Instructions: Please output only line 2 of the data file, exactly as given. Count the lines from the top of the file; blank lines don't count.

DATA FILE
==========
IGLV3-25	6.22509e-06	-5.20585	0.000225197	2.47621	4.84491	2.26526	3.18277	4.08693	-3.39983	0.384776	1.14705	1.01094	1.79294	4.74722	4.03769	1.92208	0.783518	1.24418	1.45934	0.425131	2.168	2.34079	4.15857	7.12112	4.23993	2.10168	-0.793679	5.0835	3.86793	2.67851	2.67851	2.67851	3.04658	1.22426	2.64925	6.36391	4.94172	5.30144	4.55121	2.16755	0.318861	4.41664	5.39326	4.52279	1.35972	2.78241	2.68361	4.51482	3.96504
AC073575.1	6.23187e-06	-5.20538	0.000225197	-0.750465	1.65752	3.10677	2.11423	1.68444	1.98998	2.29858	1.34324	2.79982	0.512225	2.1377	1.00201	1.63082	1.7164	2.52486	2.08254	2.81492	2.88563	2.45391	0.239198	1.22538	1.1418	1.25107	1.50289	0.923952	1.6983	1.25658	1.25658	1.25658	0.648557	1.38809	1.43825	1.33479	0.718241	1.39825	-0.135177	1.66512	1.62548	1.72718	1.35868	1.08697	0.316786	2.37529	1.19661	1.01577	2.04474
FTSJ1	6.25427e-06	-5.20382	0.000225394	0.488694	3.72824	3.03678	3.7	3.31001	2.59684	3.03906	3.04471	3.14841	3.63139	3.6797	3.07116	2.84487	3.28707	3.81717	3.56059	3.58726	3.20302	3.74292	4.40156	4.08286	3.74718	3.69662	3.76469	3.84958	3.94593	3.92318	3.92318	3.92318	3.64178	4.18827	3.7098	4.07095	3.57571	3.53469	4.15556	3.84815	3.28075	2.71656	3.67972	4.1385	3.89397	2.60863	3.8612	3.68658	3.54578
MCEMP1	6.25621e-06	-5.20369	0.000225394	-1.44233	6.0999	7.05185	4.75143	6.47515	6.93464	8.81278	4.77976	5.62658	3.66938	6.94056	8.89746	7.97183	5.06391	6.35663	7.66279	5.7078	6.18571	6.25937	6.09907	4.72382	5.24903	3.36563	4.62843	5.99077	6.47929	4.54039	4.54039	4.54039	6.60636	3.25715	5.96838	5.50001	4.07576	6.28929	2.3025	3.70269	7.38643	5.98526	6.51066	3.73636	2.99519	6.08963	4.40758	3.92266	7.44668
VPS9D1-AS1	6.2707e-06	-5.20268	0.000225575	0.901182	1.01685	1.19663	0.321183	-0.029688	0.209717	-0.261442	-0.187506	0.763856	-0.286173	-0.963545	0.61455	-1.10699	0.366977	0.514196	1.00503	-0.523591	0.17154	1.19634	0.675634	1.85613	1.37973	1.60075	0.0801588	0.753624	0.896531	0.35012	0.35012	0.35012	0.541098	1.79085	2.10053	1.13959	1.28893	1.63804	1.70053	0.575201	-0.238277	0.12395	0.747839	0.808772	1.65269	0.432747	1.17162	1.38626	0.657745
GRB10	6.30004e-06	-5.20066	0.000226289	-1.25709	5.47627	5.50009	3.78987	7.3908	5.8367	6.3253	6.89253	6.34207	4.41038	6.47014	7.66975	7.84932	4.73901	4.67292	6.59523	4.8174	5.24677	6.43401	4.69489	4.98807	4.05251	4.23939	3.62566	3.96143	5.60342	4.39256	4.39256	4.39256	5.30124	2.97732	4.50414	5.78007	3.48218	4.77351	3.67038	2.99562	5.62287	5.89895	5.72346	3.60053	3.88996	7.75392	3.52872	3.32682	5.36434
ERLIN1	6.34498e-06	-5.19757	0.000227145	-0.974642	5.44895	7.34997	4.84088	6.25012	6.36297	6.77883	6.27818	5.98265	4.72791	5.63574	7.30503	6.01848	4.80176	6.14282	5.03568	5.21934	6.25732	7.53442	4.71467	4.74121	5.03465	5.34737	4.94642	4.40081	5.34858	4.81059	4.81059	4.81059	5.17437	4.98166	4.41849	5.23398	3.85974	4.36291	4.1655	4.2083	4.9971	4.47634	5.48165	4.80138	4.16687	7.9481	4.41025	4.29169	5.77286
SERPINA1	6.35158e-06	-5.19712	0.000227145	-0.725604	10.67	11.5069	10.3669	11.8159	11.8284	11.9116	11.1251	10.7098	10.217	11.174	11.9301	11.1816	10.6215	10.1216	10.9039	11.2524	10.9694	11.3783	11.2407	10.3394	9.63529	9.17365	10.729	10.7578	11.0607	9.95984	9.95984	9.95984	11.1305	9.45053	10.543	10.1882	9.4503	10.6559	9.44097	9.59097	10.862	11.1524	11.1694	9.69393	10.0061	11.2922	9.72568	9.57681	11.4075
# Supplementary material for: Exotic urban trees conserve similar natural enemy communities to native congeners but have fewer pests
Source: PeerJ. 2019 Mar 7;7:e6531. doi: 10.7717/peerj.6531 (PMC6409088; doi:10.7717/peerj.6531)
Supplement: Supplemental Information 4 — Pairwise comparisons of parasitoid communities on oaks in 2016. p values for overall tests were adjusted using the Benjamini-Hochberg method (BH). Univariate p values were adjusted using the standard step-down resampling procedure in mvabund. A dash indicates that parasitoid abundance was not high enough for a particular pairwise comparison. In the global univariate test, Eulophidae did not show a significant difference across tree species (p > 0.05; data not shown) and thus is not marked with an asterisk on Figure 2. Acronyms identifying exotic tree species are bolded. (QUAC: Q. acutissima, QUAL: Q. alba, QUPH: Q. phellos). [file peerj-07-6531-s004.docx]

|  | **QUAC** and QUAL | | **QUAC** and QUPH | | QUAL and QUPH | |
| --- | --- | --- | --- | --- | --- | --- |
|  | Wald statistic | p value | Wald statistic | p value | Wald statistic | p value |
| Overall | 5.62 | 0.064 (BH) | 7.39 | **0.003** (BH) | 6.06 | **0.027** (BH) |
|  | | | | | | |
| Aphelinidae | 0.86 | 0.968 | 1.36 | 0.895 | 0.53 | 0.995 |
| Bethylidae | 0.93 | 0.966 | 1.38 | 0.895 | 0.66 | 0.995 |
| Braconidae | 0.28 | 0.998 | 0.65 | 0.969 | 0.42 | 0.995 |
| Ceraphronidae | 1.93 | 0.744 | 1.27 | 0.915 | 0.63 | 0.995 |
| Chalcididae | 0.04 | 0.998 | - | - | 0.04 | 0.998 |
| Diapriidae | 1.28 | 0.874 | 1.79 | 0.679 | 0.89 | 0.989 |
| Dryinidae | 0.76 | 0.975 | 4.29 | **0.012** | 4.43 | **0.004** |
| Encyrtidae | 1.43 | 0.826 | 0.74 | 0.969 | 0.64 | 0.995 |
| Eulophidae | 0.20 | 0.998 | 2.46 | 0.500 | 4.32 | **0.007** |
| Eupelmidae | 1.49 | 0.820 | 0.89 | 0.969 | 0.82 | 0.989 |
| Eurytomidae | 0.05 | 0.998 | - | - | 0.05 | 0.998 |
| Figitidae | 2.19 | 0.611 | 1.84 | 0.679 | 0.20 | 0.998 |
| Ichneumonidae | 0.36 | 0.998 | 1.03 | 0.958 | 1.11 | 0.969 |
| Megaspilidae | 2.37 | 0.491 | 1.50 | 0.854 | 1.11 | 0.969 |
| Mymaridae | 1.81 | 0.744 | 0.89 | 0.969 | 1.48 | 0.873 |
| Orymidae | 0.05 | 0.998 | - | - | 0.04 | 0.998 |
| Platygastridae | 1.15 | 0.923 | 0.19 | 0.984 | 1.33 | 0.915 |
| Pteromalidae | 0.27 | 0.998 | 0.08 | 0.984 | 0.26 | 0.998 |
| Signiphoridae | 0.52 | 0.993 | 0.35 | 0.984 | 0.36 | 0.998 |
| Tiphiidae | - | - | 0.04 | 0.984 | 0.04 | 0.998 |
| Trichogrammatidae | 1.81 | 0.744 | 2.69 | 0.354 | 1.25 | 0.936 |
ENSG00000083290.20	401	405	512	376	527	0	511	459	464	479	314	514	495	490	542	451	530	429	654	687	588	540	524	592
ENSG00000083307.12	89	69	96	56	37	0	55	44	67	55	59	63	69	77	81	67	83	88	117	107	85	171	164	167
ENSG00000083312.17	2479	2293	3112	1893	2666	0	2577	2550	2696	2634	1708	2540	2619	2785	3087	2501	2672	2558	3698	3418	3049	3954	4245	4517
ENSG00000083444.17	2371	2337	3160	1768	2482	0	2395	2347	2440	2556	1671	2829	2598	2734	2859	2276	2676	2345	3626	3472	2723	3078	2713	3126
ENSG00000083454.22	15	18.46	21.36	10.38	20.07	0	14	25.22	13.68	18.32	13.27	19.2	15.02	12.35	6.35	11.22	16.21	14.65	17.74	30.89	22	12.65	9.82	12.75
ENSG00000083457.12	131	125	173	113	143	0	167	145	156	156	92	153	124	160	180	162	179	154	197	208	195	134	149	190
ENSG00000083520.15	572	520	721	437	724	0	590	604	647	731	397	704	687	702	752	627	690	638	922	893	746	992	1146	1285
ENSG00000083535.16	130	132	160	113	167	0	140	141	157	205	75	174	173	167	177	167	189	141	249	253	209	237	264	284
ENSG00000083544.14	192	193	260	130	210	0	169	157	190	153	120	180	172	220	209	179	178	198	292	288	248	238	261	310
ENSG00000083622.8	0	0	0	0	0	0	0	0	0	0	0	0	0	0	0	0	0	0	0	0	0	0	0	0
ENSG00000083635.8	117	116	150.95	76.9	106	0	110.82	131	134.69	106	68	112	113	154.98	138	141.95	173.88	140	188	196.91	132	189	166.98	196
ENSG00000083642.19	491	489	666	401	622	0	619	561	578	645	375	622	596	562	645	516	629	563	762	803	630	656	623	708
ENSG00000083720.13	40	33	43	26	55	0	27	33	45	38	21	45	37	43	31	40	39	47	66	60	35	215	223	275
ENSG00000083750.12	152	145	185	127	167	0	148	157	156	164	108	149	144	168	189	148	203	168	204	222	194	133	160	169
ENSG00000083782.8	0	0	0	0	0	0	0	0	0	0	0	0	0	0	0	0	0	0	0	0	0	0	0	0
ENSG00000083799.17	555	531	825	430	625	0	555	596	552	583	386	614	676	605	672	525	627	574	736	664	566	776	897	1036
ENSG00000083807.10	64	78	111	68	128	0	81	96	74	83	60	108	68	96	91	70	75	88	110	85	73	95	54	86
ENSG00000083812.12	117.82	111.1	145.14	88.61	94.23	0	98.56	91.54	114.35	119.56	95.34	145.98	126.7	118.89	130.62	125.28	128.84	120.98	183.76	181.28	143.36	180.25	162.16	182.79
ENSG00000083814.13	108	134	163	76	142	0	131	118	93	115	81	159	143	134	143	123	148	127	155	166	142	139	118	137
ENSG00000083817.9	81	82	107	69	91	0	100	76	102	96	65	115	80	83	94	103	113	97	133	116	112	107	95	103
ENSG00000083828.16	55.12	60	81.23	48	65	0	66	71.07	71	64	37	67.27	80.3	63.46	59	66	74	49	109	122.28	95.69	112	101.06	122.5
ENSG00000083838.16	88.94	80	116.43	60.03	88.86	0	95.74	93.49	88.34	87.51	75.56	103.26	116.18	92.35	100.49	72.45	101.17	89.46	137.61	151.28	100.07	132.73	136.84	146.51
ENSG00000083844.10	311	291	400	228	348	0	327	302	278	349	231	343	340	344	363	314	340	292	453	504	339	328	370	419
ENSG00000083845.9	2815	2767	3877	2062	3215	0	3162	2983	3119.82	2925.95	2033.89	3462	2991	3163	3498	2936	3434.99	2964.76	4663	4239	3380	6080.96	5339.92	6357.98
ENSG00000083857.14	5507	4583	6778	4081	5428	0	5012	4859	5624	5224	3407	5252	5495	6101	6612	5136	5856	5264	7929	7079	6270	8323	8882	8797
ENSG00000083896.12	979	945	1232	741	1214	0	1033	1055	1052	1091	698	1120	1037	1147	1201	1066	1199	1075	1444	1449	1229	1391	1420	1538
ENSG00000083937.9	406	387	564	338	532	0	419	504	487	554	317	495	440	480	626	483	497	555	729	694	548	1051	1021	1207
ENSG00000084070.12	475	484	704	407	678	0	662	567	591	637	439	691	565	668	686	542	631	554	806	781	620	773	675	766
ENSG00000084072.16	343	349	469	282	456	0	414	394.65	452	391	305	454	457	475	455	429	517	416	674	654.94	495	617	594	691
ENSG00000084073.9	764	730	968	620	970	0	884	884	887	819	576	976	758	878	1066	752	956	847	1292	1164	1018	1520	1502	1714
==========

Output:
AC073575.1	6.23187e-06	-5.20538	0.000225197	-0.750465	1.65752	3.10677	2.11423	1.68444	1.98998	2.29858	1.34324	2.79982	0.512225	2.1377	1.00201	1.63082	1.7164	2.52486	2.08254	2.81492	2.88563	2.45391	0.239198	1.22538	1.1418	1.25107	1.50289	0.923952	1.6983	1.25658	1.25658	1.25658	0.648557	1.38809	1.43825	1.33479	0.718241	1.39825	-0.135177	1.66512	1.62548	1.72718	1.35868	1.08697	0.316786	2.37529	1.19661	1.01577	2.04474